(2015) Dramedy (Broad Green) Robert Redford, Nick Nolte, Emma Thompson, Mary Steenburgen, Kristen Schaal, Nick Offerman, R. Keith Harris, Randall Newsome, Linda Edwards, Susan McPhail, Andrew Vogel, Derek Krantz, Gaia Wise, Tucker Meek, Chandler Head, Sandra Ellis Lafferty, John Schmedes, Valentin Armendariz, Danny Vinson, Valerie Payton, Stephanie Astalos-Jones. Directed by Ken Kwapis

All of us have a connection to the natural world. Deep down, we pine for it; while most of us will profess to loving the civilized life of home and hearth, every so often we get a yen to go out into the woods and pitch a tent. It reminds us of our connection to this planet, that we are born of it and part of it and that it is conversely part of us. Nothing clears one’s head quite so much as a walk in the woods.

Bill Bryson (Redford) is a semi-retired travel writer who has written some fine books but is about as socially awkward as a 13 year old at a state dinner. He says the wrong things at funerals, cracks incomprehensible jokes that nobody gets and grumps to his saintly patient wife Catherine (Thompson) that talking to people is just something he doesn’t do.

After being upbraided by a smarmy talk show host (Newsome) about having written nothing about his own native country, he chances upon a leg of the Appalachian trail near his New Hampshire home and struck by inspiration. Bryson hits on the idea of walking the entire trail from Georgia to Maine. Catherine takes about as kindly to the idea as she would about having a hole drilled in her noggin. When she sees she can’t dissuade her husband out of the scheme, she insists that he take someone with him.

The trouble is, nobody he knows is willing to go with him. That is until he gets a call out of the blue from Stephen Katz (Nolte), an old friend he had a falling out with a decade or so ago. He’s not choice A for the trip but beggars can’t be choosers so Bill gets himself equipped at the local REI (with Offerman making a cameo as a clerk) and before long Katz and Bryson are putting on their hiking boots.

Katz is, contrary to his self-description, woefully out of shape and is huffing and puffing away like a walrus before he’s gone ten feet. Still, the two manage to make progress although not as much as they probably should. They have to put up with rain, snow, never-ending hills, burying their dookie in the woods, annoying know-it-all hikers (Schaal) and bears. But most of all, they’ll have to put up with each other – and themselves.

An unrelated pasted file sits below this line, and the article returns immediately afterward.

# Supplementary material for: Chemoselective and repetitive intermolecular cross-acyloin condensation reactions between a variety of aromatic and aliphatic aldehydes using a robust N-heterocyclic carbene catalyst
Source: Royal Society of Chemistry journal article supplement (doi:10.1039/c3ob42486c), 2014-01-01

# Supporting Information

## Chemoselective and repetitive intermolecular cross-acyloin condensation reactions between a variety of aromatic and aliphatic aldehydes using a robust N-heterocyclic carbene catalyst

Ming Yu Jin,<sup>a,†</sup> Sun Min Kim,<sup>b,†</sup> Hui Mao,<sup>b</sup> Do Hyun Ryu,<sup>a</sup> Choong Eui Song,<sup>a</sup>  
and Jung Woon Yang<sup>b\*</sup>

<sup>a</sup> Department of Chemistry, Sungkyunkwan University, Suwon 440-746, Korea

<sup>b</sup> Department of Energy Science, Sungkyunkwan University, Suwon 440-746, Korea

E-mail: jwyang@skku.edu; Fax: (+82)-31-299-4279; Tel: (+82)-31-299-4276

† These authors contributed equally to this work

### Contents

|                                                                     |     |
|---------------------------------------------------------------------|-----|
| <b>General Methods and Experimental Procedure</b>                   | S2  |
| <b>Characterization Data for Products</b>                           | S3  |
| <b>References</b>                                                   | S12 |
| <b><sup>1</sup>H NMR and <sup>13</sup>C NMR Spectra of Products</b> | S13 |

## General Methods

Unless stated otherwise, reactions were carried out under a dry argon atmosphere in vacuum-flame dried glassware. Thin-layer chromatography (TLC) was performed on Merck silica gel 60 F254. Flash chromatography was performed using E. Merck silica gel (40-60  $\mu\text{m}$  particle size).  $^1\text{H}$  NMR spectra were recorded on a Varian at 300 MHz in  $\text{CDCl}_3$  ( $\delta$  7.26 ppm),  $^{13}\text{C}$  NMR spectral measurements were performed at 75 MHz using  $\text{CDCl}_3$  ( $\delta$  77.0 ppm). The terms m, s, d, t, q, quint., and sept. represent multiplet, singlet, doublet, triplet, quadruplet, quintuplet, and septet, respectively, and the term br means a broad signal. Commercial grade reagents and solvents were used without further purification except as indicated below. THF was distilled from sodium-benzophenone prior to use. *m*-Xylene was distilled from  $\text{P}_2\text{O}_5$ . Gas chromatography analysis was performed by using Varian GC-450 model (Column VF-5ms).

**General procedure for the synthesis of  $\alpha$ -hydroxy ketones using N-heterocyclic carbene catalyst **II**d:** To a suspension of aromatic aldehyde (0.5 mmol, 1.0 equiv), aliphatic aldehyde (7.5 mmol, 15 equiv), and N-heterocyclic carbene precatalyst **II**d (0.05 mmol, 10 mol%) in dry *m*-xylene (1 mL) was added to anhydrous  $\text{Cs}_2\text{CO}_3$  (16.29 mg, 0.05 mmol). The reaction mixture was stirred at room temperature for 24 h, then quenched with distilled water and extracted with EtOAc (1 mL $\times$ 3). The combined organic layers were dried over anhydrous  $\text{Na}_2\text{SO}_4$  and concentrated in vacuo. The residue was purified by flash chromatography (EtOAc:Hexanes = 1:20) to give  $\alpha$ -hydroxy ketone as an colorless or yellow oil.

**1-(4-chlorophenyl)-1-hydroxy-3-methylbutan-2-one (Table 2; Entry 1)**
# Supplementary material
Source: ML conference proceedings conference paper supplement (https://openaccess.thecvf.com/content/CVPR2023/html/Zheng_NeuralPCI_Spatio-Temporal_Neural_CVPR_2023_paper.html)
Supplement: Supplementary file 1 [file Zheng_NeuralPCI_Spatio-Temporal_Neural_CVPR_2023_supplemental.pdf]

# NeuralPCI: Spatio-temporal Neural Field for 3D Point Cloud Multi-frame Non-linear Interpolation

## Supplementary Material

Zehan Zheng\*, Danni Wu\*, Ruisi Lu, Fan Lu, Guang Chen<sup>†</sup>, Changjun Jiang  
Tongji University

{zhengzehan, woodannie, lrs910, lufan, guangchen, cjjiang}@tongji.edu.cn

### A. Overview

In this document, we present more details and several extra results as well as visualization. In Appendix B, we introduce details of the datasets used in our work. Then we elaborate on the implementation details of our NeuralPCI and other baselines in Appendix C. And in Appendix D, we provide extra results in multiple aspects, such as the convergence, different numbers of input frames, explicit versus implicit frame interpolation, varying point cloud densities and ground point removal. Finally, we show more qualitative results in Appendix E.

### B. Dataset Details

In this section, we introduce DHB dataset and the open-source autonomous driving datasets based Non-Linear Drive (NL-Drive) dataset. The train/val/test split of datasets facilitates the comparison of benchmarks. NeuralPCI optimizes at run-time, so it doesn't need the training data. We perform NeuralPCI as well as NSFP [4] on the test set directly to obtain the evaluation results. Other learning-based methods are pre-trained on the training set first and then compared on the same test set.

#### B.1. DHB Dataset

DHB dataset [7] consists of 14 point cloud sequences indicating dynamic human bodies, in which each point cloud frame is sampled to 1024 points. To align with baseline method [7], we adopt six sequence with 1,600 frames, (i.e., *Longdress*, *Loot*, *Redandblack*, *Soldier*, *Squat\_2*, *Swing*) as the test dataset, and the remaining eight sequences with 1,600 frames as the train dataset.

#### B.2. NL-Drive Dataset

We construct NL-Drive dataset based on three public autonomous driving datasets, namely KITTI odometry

Kwapis has a history of creating films that are audience pleasers more so than critical darlings and judging from the scores below has done the same this time out. And what’s not to love? A strong, well-known cast in beautiful settings, that’s for sure. The Appalachian Trail passes through some of the most beautiful scenery on the planet and Kwapis takes full advantage of it.

Redford and Nolte have only been in the same film together once before, that being the 2012 drama The Company You Keep and then they only shared a couple of scenes together. It’s a shame they haven’t done more together because they have amazing chemistry together; they banter like an old married couple and play off of each other like the two old pros they are. Their relationship holds the film together.

Nolte, in particular, is noteworthy; gasping like an asthmatic bear and growling in that gravelly smoker’s voice of his. He’s essentially the comic relief, making of Katz a kind of charming womanizing rogue gone to seed, cheerfully evading his responsibilities. Redford by contrast does what Redford does best; being likable even when he’s supposed to be a curmudgeon.

Which brings up a point. Both of these distinguished actors are in their 70s – in fact, Redford is 79 – but the real Bill Bryson was in his mid-40s when he hiked the Trail and so much of the book’s focus had to be changed. The movie spends much more time dwelling on the decrepitude of the leads than the book did on the inexperience of its leads. Lovers of the book (and there are many) might not be too pleased with that. They’ll be pleased that much of Bryson’s comic tone was retained. I haven’t read the book probably in 15 years or so, but my guess is that it was extensively re-written for the screen, so be warned on that score.

Da Queen really loved this movie; the bonding with nature and the friendship between Redford and Nolte really spoke to her; she proclaimed it her favorite movie of the Summer (I didn’t have the heart to point out that it wasn’t released until September 2nd, after the official summer release season had ended) which considering how delighted she was with Jurassic World is quite an accomplishment. I’m a little less enthusiastic about the film but found it to be genuinely entertaining, sentimental and only occasionally descending into schmaltz and cinematically beautiful.

In short, this is solid entertainment which will likely appeal strongly to an older demographic but those who appreciate movies with a heart will also enjoy  it. I do like an occasional nature walk although my condition prevents long hikes like this one but still it inspired in me a desire to walk the Trail myself. It won’t happen, but it’s nice to imagine that it could. If these two can do it, so can I, right?

REASONS TO GO: Beautiful scenery. Wonderful chemistry between Redford and Nolte. Some genuine laughs.
REASONS TO STAY: Occasionally clunky. Too many codger jokes.
FAMILY VALUES: A few mild expletives and some sexual references.
TRIVIAL PURSUIT: Originally, this was meant to be the third team-up between Redford and Paul Newman when the film was optioned in 2007; however, Newman’s declining health and eventual passing prevented that from occurring. Newman would have been cast in the role that Nick Nolte eventually filled.
CRITICAL MASS: As of 9/14/15: Rotten Tomatoes: 45% positive reviews. Metacritic: 51/100.
NEXT: Sci-Fi Spectacle Begins!